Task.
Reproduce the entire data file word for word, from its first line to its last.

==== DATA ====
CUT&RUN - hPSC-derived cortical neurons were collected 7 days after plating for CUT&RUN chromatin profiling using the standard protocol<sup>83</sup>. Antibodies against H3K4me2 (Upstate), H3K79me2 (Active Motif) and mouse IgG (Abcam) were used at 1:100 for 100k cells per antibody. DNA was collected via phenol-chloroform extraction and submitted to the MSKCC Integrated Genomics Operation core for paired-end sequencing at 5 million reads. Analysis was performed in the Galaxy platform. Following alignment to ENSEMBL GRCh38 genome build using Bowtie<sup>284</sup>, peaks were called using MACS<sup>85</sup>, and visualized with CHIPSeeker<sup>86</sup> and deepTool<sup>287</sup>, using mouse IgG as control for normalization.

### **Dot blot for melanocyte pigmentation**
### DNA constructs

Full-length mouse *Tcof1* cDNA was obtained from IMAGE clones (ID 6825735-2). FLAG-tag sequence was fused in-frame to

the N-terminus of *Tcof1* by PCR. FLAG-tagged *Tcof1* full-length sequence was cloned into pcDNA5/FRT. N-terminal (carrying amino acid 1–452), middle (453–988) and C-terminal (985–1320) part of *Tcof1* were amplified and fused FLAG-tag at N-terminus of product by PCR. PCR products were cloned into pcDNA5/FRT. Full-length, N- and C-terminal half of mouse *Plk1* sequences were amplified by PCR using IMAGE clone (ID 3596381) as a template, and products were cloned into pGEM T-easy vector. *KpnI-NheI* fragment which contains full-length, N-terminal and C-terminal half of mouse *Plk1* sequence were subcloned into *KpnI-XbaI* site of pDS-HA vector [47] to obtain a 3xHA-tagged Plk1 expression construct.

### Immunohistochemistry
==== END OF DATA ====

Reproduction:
CUT&RUN - hPSC-derived cortical neurons were collected 7 days after plating for CUT&RUN chromatin profiling using the standard protocol<sup>83</sup>. Antibodies against H3K4me2 (Upstate), H3K79me2 (Active Motif) and mouse IgG (Abcam) were used at 1:100 for 100k cells per antibody. DNA was collected via phenol-chloroform extraction and submitted to the MSKCC Integrated Genomics Operation core for paired-end sequencing at 5 million reads. Analysis was performed in the Galaxy platform. Following alignment to ENSEMBL GRCh38 genome build using Bowtie<sup>284</sup>, peaks were called using MACS<sup>85</sup>, and visualized with CHIPSeeker<sup>86</sup> and deepTool<sup>287</sup>, using mouse IgG as control for normalization.

### **Dot blot for melanocyte pigmentation**
### DNA constructs

Full-length mouse *Tcof1* cDNA was obtained from IMAGE clones (ID 6825735-2). FLAG-tag sequence was fused in-frame to

the N-terminus of *Tcof1* by PCR. FLAG-tagged *Tcof1* full-length sequence was cloned into pcDNA5/FRT. N-terminal (carrying amino acid 1–452), middle (453–988) and C-terminal (985–1320) part of *Tcof1* were amplified and fused FLAG-tag at N-terminus of product by PCR. PCR products were cloned into pcDNA5/FRT. Full-length, N- and C-terminal half of mouse *Plk1* sequences were amplified by PCR using IMAGE clone (ID 3596381) as a template, and products were cloned into pGEM T-easy vector. *KpnI-NheI* fragment which contains full-length, N-terminal and C-terminal half of mouse *Plk1* sequence were subcloned into *KpnI-XbaI* site of pDS-HA vector [47] to obtain a 3xHA-tagged Plk1 expression construct.

### Immunohistochemistry